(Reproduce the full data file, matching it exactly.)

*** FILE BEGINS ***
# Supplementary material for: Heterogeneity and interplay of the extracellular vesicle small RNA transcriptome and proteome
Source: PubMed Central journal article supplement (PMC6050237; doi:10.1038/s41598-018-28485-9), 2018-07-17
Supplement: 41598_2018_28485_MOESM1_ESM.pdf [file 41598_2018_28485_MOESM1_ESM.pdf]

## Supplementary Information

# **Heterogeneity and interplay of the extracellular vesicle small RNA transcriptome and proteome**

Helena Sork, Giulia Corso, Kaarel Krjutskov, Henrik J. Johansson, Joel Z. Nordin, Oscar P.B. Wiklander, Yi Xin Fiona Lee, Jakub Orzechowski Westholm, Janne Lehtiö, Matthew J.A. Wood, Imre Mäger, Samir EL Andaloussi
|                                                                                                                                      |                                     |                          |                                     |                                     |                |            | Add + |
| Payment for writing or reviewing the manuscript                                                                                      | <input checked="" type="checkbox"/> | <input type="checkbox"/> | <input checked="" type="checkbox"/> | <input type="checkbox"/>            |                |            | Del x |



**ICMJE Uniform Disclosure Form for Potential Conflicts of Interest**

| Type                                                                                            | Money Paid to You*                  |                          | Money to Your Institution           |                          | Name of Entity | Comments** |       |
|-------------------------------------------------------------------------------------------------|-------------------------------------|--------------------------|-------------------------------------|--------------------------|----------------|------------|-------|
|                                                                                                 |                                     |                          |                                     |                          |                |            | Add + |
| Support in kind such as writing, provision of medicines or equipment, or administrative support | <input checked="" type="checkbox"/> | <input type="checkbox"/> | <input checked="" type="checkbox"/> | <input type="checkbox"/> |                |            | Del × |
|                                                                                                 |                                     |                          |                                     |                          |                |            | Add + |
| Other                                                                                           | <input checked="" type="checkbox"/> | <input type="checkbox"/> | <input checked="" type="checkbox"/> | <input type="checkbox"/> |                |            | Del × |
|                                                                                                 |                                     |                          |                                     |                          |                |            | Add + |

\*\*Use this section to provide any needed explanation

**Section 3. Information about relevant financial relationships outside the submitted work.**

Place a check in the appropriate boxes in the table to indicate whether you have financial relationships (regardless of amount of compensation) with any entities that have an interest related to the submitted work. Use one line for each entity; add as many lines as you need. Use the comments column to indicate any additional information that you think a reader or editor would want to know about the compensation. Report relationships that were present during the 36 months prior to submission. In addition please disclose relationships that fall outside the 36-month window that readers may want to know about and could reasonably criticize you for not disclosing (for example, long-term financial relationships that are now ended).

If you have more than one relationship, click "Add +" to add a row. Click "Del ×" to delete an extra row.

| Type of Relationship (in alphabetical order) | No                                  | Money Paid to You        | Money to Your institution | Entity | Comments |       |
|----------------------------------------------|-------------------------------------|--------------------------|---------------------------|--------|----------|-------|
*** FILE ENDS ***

# Supplementary material for: Heterogeneity and interplay of the extracellular vesicle small RNA transcriptome and proteome
Source: PubMed Central journal article supplement (PMC6050237; doi:10.1038/s41598-018-28485-9), 2018-07-17
Supplement: 41598_2018_28485_MOESM1_ESM.pdf [file 41598_2018_28485_MOESM1_ESM.pdf]

## Supplementary Information

# **Heterogeneity and interplay of the extracellular vesicle small RNA transcriptome and proteome**

Helena Sork, Giulia Corso, Kaarel Krjutskov, Henrik J. Johansson, Joel Z. Nordin, Oscar P.B. Wiklander, Yi Xin Fiona Lee, Jakub Orzechowski Westholm, Janne Lehtiö, Matthew J.A. Wood, Imre Mäger, Samir EL Andaloussi
|                                                                                                                                      |                                     |                          |                                     |                                     |                |            | Add + |
| Payment for writing or reviewing the manuscript                                                                                      | <input checked="" type="checkbox"/> | <input type="checkbox"/> | <input checked="" type="checkbox"/> | <input type="checkbox"/>            |                |            | Del x |



**ICMJE Uniform Disclosure Form for Potential Conflicts of Interest**

| Type                                                                                            | Money Paid to You*                  |                          | Money to Your Institution           |                          | Name of Entity | Comments** |       |
|-------------------------------------------------------------------------------------------------|-------------------------------------|--------------------------|-------------------------------------|--------------------------|----------------|------------|-------|
|                                                                                                 |                                     |                          |                                     |                          |                |            | Add + |
| Support in kind such as writing, provision of medicines or equipment, or administrative support | <input checked="" type="checkbox"/> | <input type="checkbox"/> | <input checked="" type="checkbox"/> | <input type="checkbox"/> |                |            | Del × |
|                                                                                                 |                                     |                          |                                     |                          |                |            | Add + |
| Other                                                                                           | <input checked="" type="checkbox"/> | <input type="checkbox"/> | <input checked="" type="checkbox"/> | <input type="checkbox"/> |                |            | Del × |
|                                                                                                 |                                     |                          |                                     |                          |                |            | Add + |

\*\*Use this section to provide any needed explanation

**Section 3. Information about relevant financial relationships outside the submitted work.**

Place a check in the appropriate boxes in the table to indicate whether you have financial relationships (regardless of amount of compensation) with any entities that have an interest related to the submitted work. Use one line for each entity; add as many lines as you need. Use the comments column to indicate any additional information that you think a reader or editor would want to know about the compensation. Report relationships that were present during the 36 months prior to submission. In addition please disclose relationships that fall outside the 36-month window that readers may want to know about and could reasonably criticize you for not disclosing (for example, long-term financial relationships that are now ended).

If you have more than one relationship, click "Add +" to add a row. Click "Del ×" to delete an extra row.

| Type of Relationship (in alphabetical order) | No                                  | Money Paid to You        | Money to Your institution | Entity | Comments |       |
|----------------------------------------------|-------------------------------------|--------------------------|---------------------------|--------|----------|-------|